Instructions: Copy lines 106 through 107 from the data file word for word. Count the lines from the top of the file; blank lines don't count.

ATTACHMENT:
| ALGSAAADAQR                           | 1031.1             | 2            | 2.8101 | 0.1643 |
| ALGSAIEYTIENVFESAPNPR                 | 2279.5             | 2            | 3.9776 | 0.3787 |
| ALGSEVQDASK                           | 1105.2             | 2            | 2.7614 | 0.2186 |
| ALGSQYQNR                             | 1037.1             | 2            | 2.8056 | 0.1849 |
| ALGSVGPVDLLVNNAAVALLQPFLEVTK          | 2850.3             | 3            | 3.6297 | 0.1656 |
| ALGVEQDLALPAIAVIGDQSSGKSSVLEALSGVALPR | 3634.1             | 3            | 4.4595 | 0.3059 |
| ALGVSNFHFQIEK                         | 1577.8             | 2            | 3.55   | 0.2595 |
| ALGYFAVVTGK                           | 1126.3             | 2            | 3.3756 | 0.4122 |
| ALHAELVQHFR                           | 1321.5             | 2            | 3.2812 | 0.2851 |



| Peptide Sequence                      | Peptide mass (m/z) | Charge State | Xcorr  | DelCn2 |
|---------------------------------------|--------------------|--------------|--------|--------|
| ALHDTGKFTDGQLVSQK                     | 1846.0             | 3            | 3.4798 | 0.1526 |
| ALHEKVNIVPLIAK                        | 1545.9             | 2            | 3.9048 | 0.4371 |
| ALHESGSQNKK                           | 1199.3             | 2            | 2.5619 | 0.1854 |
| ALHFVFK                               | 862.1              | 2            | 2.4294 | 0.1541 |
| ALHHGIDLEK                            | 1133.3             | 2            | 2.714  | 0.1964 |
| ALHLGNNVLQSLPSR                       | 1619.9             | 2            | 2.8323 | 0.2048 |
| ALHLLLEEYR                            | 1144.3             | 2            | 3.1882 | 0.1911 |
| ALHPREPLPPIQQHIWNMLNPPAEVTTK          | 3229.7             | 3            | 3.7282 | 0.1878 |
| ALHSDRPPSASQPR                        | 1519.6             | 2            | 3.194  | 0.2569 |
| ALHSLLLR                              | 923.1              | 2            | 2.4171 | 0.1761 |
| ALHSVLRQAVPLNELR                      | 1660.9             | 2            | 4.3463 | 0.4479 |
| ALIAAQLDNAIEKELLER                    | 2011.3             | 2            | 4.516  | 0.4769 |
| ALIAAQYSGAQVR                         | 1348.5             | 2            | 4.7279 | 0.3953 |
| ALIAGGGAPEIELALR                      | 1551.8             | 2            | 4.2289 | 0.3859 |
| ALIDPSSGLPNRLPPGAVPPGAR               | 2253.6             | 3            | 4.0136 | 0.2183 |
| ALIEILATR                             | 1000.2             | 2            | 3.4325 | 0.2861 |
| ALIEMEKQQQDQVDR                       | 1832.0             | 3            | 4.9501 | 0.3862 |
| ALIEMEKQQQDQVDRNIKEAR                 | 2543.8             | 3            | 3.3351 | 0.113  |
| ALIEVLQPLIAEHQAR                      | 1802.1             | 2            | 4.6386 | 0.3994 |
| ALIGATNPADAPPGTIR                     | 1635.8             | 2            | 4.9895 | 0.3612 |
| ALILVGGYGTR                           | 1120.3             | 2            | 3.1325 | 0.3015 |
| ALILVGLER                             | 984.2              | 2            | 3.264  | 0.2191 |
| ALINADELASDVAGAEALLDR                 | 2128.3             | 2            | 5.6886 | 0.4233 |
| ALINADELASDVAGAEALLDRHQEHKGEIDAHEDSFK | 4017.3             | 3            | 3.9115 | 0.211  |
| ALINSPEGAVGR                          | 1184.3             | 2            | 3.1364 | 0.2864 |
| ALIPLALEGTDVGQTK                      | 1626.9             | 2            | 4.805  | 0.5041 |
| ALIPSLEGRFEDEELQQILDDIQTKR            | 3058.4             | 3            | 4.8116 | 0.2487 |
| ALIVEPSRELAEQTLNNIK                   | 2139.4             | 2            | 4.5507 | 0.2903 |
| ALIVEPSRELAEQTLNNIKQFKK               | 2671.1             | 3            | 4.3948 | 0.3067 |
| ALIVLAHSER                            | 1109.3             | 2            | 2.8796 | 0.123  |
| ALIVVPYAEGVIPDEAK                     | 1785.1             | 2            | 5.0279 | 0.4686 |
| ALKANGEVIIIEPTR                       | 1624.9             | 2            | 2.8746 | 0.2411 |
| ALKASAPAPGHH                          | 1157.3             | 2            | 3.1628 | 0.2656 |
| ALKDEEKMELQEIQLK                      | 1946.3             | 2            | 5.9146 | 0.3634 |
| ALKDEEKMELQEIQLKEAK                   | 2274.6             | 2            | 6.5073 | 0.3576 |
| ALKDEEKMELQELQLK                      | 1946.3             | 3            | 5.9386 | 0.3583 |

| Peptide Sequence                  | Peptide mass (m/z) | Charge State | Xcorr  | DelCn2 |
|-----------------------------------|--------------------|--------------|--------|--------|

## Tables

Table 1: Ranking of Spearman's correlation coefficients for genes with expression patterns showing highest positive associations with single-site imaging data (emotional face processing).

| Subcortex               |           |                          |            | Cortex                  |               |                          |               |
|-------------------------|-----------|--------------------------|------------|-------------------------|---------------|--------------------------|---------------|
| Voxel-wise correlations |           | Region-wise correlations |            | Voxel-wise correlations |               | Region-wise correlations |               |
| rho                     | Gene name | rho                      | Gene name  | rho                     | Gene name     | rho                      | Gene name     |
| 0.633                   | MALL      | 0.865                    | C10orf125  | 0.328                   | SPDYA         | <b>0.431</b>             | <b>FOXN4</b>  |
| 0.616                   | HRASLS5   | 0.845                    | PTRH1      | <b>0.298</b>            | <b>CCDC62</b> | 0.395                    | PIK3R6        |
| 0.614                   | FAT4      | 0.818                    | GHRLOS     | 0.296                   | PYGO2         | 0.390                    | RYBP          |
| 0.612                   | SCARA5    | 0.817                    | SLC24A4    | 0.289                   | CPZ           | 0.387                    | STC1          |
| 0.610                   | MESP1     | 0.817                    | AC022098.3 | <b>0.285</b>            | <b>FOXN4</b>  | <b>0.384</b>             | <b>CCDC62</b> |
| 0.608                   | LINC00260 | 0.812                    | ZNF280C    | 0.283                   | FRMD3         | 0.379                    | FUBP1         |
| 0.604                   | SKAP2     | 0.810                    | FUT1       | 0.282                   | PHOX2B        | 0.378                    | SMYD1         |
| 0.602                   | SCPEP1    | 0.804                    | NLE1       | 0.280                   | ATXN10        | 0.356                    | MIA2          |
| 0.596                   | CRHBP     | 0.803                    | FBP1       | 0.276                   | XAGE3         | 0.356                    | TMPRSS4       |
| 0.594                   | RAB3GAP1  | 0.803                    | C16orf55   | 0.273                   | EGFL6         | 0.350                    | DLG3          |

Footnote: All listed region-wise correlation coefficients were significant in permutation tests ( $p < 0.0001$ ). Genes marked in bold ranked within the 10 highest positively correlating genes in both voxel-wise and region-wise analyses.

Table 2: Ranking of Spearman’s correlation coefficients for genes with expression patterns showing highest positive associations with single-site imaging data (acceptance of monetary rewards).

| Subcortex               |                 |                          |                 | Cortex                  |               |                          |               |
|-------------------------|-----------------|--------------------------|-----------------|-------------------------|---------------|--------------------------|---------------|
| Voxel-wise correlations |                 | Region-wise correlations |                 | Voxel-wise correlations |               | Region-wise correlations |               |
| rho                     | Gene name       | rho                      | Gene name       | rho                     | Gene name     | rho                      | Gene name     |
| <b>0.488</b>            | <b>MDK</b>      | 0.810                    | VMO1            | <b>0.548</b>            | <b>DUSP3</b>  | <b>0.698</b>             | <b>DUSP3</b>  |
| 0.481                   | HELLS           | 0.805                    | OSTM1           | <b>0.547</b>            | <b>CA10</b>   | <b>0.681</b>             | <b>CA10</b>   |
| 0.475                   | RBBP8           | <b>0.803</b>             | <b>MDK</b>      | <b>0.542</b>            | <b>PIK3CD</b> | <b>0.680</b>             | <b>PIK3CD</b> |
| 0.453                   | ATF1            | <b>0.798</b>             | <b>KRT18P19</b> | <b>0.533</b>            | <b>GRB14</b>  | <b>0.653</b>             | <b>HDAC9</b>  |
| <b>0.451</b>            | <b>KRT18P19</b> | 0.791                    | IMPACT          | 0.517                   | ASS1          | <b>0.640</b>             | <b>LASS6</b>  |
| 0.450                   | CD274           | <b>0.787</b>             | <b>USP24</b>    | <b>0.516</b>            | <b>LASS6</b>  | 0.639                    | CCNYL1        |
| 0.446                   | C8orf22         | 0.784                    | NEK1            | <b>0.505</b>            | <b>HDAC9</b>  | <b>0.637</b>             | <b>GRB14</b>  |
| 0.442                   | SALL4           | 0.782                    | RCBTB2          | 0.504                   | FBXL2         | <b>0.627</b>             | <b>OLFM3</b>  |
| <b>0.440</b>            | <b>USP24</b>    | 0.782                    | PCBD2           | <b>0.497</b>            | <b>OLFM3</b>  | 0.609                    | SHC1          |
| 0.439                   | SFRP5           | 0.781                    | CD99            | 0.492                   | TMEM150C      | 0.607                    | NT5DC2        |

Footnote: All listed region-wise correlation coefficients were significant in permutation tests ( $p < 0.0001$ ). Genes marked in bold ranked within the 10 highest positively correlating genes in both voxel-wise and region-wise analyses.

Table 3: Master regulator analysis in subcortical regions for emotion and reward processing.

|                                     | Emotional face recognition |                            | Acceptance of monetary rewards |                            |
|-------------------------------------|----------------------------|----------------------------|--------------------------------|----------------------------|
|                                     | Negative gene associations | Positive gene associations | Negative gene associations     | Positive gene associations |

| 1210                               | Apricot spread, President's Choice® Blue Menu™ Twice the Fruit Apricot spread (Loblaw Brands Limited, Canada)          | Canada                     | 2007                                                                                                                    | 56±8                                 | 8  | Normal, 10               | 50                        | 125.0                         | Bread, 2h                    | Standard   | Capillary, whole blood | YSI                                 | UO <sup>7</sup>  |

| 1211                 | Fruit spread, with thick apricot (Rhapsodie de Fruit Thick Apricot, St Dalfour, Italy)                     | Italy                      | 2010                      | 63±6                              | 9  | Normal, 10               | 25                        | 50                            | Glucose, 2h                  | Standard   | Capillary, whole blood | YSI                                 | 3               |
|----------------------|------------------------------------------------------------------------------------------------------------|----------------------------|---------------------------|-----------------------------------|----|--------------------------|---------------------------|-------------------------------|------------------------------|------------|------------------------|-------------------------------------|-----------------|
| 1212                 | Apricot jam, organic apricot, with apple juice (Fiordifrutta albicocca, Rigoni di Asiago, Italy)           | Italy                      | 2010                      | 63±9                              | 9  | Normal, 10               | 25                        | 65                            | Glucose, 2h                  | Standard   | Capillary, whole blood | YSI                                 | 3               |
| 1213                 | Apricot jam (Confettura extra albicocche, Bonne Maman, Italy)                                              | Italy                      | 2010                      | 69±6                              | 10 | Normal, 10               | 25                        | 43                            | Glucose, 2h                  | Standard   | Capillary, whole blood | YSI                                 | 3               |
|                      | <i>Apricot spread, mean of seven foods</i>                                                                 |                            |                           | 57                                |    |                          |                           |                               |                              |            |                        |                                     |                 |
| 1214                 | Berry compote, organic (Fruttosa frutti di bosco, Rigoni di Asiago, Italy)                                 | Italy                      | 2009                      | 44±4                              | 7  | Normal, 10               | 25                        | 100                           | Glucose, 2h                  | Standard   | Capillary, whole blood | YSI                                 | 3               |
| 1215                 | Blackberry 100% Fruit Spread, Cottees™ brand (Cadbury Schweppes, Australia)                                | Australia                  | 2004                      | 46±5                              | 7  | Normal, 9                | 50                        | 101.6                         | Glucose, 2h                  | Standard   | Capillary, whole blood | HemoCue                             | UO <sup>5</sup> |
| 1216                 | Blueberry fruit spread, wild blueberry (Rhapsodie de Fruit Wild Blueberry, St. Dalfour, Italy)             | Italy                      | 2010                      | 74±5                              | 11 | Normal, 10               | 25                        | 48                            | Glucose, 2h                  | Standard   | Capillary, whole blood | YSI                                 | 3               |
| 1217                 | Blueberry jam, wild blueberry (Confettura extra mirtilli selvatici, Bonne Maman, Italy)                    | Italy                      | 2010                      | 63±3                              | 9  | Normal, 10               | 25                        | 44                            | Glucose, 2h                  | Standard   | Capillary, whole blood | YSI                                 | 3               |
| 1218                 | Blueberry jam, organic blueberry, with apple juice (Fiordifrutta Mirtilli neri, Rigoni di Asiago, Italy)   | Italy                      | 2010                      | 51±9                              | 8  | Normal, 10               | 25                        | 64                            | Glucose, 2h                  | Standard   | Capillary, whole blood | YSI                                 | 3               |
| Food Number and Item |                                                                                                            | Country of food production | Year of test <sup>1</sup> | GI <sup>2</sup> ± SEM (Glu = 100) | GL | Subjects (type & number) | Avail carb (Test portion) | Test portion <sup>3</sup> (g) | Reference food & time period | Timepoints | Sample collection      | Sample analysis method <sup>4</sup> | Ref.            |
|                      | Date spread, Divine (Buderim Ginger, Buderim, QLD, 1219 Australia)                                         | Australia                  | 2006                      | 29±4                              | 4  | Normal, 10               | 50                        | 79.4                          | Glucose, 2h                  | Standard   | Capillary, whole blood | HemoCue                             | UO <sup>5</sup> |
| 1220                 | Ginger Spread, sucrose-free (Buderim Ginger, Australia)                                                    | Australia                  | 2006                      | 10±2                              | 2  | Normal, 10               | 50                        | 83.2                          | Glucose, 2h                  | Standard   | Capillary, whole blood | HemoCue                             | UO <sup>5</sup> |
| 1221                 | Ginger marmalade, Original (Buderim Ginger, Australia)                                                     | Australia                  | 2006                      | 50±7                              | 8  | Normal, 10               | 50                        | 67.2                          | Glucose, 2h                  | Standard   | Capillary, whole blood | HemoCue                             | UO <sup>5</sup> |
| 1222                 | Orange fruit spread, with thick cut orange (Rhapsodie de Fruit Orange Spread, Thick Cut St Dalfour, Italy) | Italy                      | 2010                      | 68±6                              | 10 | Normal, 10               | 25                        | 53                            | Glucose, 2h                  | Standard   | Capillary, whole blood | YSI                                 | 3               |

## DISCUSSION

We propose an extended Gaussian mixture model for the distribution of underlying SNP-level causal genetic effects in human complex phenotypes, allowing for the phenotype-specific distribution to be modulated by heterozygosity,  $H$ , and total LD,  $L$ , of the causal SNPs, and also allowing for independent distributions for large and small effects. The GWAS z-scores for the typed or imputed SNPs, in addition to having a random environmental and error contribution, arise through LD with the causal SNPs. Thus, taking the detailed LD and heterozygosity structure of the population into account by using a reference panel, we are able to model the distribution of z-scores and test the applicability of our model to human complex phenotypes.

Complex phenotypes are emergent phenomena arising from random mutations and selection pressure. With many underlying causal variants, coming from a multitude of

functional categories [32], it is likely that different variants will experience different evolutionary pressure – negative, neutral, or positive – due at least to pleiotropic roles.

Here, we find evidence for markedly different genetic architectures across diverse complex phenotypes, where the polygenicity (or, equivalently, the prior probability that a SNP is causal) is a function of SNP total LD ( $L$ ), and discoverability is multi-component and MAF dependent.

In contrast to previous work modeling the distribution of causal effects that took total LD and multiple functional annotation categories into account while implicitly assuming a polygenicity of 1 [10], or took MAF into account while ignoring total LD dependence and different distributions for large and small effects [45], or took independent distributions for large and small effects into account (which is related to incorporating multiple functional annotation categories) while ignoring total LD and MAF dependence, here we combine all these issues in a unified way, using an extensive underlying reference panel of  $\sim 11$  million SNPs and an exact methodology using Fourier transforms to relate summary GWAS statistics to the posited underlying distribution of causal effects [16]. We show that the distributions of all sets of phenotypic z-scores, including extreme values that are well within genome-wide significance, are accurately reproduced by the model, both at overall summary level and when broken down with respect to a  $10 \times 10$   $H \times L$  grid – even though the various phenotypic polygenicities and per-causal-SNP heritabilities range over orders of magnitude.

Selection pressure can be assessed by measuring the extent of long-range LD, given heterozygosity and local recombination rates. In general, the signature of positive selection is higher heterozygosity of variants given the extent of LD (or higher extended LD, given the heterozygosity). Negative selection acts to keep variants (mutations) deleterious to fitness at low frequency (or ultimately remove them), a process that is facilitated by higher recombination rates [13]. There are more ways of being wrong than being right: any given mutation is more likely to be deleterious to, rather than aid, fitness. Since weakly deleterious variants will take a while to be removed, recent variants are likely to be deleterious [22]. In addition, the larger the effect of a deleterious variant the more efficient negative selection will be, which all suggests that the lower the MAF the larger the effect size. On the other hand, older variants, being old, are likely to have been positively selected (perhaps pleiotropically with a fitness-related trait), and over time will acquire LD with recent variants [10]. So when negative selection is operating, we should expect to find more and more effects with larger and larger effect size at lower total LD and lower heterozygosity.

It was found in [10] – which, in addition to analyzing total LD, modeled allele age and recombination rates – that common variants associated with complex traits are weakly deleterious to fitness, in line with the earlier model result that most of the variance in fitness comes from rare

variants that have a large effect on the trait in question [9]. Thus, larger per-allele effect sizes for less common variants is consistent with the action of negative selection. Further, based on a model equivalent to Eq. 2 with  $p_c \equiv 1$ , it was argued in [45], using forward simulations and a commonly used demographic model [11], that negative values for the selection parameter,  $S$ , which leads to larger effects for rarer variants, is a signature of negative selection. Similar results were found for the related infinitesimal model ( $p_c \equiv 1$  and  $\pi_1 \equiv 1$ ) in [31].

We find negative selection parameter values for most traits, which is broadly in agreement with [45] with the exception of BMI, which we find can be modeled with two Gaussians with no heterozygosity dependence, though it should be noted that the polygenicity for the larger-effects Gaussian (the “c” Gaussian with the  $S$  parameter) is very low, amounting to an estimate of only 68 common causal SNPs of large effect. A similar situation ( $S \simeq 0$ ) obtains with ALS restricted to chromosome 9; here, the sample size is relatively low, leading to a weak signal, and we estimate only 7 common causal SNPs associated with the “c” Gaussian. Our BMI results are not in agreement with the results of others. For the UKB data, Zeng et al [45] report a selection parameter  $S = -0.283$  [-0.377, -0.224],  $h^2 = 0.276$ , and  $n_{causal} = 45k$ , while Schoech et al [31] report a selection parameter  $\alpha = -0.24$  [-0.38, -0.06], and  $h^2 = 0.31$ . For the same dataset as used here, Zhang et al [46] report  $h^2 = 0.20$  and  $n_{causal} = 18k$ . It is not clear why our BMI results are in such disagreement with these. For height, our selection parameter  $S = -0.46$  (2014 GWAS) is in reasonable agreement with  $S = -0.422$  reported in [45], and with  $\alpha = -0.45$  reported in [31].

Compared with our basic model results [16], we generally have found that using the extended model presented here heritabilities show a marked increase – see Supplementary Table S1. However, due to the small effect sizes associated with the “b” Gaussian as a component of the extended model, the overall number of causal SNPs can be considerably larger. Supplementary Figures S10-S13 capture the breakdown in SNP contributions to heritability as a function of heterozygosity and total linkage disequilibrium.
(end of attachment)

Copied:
functional categories [32], it is likely that different variants will experience different evolutionary pressure – negative, neutral, or positive – due at least to pleiotropic roles.

Here, we find evidence for markedly different genetic architectures across diverse complex phenotypes, where the polygenicity (or, equivalently, the prior probability that a SNP is causal) is a function of SNP total LD ( $L$ ), and discoverability is multi-component and MAF dependent.